As Süddeutsche Zeitung’s Berit Uhlmann writes, vegan food offerings can often be deceiving. In a sampling of products tested, many had high fat and sodium content and others were not at all natural. “Vegans and vegetarians who do not banish any and all processed products from their diets cannot escape the tricks of the food industry,” the journalist writes. “When it comes to names, for example, something like ‘Bio-Plus-3’ may sound organic, but it requires reading the small print on the package to discover that it’s contents are not entirely natural. Meanwhile, a cranberry bar turns out to contain mainly almonds, date paste and only a smattering of berries.” Read the full article, It May Be Vegan, But That Doesn't Mean It's Healthy

Iran launched its 19th International Oil, Gas, Refining and Petrochemical Exhibition in Tehran today, with 600 major foreign energy companies expected to attend and position themselves in anticipation of a possible lift of sanctions, three times more than last year, PressTV reports. Under international sanctions, the country, which is home to the third-largest oil reserves and the second-largest gas reserves, is currently limited in its export of oil to 1.2 million barrels per day. Read more from AFP.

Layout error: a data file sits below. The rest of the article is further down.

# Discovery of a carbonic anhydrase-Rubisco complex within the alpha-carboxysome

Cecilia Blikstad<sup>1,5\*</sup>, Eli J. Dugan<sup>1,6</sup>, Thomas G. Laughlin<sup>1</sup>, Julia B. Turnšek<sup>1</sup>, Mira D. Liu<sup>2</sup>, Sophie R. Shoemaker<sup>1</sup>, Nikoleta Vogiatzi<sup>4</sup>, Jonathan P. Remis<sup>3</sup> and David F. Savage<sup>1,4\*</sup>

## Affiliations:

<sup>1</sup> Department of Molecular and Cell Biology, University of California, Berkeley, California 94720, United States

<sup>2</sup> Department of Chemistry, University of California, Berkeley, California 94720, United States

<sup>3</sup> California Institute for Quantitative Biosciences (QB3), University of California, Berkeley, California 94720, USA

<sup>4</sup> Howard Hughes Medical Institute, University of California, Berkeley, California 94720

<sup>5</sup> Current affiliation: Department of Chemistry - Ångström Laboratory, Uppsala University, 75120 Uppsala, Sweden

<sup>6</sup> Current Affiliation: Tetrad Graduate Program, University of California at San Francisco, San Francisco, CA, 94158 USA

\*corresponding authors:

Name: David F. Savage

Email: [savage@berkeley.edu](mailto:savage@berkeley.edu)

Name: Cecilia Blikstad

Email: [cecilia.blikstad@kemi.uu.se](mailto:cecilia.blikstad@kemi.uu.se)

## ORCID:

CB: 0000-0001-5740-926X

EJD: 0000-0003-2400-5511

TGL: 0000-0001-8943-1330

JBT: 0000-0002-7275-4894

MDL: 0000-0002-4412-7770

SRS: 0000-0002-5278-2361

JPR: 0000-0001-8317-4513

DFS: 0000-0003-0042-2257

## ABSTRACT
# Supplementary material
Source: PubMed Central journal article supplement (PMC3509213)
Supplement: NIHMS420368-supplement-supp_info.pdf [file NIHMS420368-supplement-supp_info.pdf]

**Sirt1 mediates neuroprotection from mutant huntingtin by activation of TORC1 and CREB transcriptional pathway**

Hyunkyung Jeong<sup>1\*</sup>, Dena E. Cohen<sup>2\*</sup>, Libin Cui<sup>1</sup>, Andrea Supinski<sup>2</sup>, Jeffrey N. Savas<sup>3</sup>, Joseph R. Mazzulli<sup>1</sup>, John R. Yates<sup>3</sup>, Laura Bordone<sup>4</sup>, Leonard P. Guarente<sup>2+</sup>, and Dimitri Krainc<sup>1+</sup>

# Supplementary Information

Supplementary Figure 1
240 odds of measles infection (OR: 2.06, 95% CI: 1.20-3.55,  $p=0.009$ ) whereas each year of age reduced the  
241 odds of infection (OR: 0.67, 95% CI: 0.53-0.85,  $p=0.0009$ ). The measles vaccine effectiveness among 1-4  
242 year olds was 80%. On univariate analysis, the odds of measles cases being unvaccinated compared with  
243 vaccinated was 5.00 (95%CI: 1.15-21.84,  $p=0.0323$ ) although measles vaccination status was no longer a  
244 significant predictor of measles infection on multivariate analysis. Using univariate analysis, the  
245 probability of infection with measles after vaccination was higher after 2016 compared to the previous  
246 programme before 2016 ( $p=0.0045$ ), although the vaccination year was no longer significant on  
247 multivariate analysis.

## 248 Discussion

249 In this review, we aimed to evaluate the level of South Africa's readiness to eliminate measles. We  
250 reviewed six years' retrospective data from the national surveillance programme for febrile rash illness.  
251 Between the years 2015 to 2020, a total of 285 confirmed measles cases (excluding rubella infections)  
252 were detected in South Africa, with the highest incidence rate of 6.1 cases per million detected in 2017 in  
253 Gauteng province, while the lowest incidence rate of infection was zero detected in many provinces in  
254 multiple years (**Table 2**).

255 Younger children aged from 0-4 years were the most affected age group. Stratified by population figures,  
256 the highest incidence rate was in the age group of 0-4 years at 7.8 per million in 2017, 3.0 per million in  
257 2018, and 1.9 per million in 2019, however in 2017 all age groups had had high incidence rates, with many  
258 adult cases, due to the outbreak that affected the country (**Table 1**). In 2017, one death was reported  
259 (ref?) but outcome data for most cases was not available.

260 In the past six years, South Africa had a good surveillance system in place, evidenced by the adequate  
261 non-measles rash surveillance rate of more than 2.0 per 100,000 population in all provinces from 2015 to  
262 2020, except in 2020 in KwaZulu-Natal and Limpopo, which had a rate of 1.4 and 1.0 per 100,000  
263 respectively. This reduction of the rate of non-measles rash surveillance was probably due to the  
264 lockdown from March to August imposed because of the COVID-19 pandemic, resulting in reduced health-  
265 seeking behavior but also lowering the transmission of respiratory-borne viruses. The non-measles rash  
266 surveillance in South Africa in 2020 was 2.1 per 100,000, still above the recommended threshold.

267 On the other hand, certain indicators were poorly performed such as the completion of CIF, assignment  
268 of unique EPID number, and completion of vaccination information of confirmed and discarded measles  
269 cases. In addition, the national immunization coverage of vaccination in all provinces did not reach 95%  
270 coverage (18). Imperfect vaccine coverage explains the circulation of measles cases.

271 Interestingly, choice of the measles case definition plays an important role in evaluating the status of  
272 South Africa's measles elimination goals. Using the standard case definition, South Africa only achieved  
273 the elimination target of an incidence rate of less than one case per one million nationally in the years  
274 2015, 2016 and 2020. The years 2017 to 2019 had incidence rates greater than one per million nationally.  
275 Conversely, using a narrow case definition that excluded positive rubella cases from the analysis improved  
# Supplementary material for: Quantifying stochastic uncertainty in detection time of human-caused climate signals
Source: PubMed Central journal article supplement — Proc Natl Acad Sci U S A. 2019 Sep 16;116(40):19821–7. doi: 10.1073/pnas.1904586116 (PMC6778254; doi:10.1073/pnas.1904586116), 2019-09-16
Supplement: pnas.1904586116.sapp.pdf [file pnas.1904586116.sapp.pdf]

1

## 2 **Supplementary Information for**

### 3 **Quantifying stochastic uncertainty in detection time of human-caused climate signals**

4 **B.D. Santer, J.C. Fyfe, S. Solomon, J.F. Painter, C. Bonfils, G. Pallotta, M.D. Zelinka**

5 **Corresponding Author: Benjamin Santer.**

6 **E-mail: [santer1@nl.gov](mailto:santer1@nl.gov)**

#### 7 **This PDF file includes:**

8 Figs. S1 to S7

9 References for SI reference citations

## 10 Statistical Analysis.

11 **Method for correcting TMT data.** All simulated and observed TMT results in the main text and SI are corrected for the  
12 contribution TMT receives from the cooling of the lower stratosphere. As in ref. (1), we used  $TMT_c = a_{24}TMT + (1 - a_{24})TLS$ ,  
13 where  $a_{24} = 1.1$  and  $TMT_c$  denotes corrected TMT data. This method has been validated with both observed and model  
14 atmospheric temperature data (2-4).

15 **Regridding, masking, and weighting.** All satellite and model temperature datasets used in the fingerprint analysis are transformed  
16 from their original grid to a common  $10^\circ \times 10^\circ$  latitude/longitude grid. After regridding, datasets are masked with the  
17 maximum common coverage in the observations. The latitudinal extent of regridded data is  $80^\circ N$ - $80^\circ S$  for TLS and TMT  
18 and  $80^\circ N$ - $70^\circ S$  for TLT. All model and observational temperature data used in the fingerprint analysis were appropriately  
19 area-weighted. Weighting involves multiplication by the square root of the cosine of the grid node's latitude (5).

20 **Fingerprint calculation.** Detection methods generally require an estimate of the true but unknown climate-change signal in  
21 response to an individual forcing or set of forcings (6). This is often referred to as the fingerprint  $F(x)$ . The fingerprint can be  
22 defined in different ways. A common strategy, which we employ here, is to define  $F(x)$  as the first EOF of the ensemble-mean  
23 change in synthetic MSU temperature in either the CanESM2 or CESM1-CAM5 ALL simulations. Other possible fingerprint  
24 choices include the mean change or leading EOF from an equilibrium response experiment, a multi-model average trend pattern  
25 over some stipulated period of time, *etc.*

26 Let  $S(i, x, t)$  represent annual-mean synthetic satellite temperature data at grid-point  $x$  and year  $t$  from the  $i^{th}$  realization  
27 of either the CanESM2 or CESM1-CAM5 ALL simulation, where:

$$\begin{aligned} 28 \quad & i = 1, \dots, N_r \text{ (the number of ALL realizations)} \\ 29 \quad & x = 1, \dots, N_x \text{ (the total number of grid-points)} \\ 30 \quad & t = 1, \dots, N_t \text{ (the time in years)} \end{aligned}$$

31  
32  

A recent poll suggests that one in six Britons would have sex with a robot.

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Debt Trap: Why South Korean Economics Explains Squid Game

Crunching the numbers of South Korea's personal and household debt offers a glimpse into what drives the win-or-die plot of the Netflix hit produced in the Asian country.

In the Netflix series, losers of the game face death

Yip Wing Sum